In a ceremony in Strasbourg’s hemicycle, MEPs marked the creation of the Common Assembly of the European Coal and Steel Community in 1952, the EP’s forerunner. EP President Roberta Metsola opened the ceremony and stressed how, in the 70 years since the first meeting of the Common Assembly of the European Coal and Steel Community (ECSC) in 1952, the “Assembly grew from strength to strength”. She said: “The European Parliament has become the only directly elected, multilingual, multi-party transnational parliament in the world. Its 705 directly elected members are the expression of European public opinion (…). Today more than ever – this House stands for upholding the democratic voice of citizens and the democratic European values.”
Her speech was followed by contributions from the prime ministers of the three countries hosting Parliament’s seat.
Belgium’s Prime Minister Alexander de Croo said “today’s European political project is mainly driven forward by visionary citizens, the people of Europe” who demand an EU response to crises such as migration, COVID-19 and energy. The EP is, he said, “one of the most powerful legislators in the world. Today Europeans can be proud of the road we travelled together.” He concluded: “This house represents the catharsis of a long history of violence among European countries, it represents the best in us, Europeans.”
Luxembourg’s Prime Minister Xavier Bettel said: “Seven years after World War II, it was decided to create something together. In those days, people did not have the right to live because they were different; today we live in a territory where citizens are free. He concluded: “I would not have had the right myself to be free during the Second World War: I am liberal, have Jewish heritage and am married to a man. And here I am today, a head of government. This is the European project. You may be different, but that is where our richness lies: in this diversity”.
France’s Prime Minister Élisabeth Borne stressed the role of France in building the European Union, and the symbolic importance of Strasbourg as one of its official places of work. Additionally, she emphasized the commitment of France to a common European future: “Strasbourg is the idea of Europe – Europe that has its past but that also has its common future,” she said. “And we must not lose track of what Europe is, where it has come from and where it is going to.”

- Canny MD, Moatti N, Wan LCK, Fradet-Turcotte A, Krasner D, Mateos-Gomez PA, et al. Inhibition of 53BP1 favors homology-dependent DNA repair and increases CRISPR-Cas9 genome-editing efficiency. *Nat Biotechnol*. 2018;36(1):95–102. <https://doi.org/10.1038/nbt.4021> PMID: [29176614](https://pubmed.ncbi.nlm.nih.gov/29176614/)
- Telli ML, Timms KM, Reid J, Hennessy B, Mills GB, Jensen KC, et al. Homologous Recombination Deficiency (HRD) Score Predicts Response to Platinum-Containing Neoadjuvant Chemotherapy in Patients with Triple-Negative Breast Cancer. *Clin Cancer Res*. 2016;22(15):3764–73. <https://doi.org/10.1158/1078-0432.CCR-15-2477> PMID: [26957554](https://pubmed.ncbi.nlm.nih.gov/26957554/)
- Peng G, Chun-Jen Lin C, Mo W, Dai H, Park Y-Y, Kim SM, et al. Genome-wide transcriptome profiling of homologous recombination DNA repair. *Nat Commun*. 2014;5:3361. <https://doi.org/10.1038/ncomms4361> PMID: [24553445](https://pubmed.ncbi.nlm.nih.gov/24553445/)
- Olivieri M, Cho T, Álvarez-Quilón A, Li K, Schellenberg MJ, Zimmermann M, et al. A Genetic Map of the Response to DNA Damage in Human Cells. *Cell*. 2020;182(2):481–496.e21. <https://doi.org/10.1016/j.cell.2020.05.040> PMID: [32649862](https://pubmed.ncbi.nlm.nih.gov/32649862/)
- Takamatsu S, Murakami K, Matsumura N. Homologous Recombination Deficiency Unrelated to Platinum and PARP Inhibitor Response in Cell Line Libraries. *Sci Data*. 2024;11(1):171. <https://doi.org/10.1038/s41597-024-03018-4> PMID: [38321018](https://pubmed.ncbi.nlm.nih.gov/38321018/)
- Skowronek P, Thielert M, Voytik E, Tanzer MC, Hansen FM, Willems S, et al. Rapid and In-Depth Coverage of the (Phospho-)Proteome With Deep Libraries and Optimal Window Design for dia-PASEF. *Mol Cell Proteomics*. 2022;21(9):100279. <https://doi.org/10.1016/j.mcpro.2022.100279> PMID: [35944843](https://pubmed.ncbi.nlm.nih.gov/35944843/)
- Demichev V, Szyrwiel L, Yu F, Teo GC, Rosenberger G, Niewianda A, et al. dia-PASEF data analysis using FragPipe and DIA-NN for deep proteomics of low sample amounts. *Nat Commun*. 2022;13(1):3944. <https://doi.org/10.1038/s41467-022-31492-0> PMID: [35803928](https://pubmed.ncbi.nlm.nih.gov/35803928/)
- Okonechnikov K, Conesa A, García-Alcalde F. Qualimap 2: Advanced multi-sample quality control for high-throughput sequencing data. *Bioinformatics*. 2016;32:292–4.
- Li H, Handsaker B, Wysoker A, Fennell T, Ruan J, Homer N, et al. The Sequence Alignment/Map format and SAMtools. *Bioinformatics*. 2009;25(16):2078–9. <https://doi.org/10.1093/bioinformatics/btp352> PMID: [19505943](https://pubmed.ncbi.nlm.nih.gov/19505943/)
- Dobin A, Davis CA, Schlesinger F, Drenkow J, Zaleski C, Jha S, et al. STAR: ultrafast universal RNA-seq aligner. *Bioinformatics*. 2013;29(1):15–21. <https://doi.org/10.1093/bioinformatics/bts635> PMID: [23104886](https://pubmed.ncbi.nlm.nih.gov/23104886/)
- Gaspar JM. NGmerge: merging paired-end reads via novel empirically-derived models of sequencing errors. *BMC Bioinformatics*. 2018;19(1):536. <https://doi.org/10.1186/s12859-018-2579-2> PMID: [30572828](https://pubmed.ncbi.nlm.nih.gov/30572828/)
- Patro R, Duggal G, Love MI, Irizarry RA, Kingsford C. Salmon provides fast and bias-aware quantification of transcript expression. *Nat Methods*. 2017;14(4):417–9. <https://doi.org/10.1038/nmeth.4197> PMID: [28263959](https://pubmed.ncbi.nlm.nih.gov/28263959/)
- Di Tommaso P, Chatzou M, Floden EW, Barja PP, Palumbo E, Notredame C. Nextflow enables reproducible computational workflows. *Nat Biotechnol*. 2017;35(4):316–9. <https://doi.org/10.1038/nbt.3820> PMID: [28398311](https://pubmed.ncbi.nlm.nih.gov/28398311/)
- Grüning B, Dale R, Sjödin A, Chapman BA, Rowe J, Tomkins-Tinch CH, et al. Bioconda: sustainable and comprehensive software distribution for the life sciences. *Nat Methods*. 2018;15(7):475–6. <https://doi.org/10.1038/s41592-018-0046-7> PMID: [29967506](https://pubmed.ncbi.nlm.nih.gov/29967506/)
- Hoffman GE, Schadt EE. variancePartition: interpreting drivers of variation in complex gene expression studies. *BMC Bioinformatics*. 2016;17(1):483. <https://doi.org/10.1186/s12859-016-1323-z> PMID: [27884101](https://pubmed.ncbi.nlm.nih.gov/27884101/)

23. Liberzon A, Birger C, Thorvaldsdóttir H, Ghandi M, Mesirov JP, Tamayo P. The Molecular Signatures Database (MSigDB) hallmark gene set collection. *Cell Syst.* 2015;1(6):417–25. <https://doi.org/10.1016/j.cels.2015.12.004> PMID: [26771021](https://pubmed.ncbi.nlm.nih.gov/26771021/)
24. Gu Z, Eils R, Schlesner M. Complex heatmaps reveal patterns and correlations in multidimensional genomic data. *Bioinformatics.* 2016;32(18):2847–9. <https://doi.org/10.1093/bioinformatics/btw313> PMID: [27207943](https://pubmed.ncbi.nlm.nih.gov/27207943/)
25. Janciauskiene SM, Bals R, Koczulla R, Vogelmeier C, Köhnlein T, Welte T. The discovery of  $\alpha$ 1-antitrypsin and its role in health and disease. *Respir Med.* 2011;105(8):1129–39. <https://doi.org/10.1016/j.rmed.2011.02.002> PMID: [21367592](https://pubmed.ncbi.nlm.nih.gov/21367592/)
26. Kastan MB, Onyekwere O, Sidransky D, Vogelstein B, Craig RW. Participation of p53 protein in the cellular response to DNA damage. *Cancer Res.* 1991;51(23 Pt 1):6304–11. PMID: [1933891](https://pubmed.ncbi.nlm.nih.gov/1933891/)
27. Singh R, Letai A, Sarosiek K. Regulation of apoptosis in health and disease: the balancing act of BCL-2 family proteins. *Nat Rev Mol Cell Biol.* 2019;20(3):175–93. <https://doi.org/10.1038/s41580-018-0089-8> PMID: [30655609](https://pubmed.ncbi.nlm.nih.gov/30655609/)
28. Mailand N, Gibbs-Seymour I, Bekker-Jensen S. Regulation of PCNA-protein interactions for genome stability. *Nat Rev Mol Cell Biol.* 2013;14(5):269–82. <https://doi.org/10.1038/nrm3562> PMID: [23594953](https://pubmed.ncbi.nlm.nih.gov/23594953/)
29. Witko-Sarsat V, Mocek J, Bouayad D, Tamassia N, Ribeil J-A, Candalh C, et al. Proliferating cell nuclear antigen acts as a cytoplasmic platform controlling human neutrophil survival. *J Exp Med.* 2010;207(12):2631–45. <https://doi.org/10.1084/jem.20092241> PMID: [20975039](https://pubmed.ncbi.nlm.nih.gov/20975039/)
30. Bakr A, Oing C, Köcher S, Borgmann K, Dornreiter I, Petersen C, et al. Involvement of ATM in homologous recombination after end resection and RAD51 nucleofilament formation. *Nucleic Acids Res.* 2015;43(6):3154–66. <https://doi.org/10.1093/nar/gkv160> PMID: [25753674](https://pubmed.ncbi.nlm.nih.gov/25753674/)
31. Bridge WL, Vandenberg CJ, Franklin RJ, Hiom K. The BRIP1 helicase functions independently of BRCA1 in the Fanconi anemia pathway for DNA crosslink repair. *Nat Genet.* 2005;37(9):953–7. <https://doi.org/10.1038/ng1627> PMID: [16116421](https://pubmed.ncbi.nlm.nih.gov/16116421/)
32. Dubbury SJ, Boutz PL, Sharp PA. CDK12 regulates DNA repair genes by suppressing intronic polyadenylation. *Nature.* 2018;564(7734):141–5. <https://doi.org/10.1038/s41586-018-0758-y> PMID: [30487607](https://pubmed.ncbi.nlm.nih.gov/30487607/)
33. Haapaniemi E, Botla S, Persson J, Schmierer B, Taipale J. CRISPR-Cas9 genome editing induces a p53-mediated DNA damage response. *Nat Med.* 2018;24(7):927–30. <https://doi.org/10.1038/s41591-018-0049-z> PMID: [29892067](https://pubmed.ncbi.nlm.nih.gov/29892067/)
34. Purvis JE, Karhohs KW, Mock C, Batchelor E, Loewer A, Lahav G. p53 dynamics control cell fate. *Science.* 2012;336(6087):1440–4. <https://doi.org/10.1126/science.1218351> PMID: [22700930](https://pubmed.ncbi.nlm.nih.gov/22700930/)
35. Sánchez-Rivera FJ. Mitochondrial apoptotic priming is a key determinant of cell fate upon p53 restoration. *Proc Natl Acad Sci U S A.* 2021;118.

In taking the floor after the Prime Ministers, most leaders of the seven political groups stressed that Europe has a future only if it is democratic, and how it is necessary to empower the European Parliament with full legislative rights for the benefit of citizens, with European citizenship strengthening national citizenship. The original spirit of the Parliament was to create a political institution open to, not opposed to, any country. We need, they said, to continue to represent this spirit and adapt it to the time we live in now. The challenges Europe faces were raised by the speakers, who said that it would be useful to rediscover the spirit of 1952 that led to the creation of this institution. Critical and anti-European views were also expressed. But, as President Metsola said, this only proves that pluralism, diversity and democracy exist in Parliament.
The ceremony ended with a performance of Beethoven’s Ode to Joy.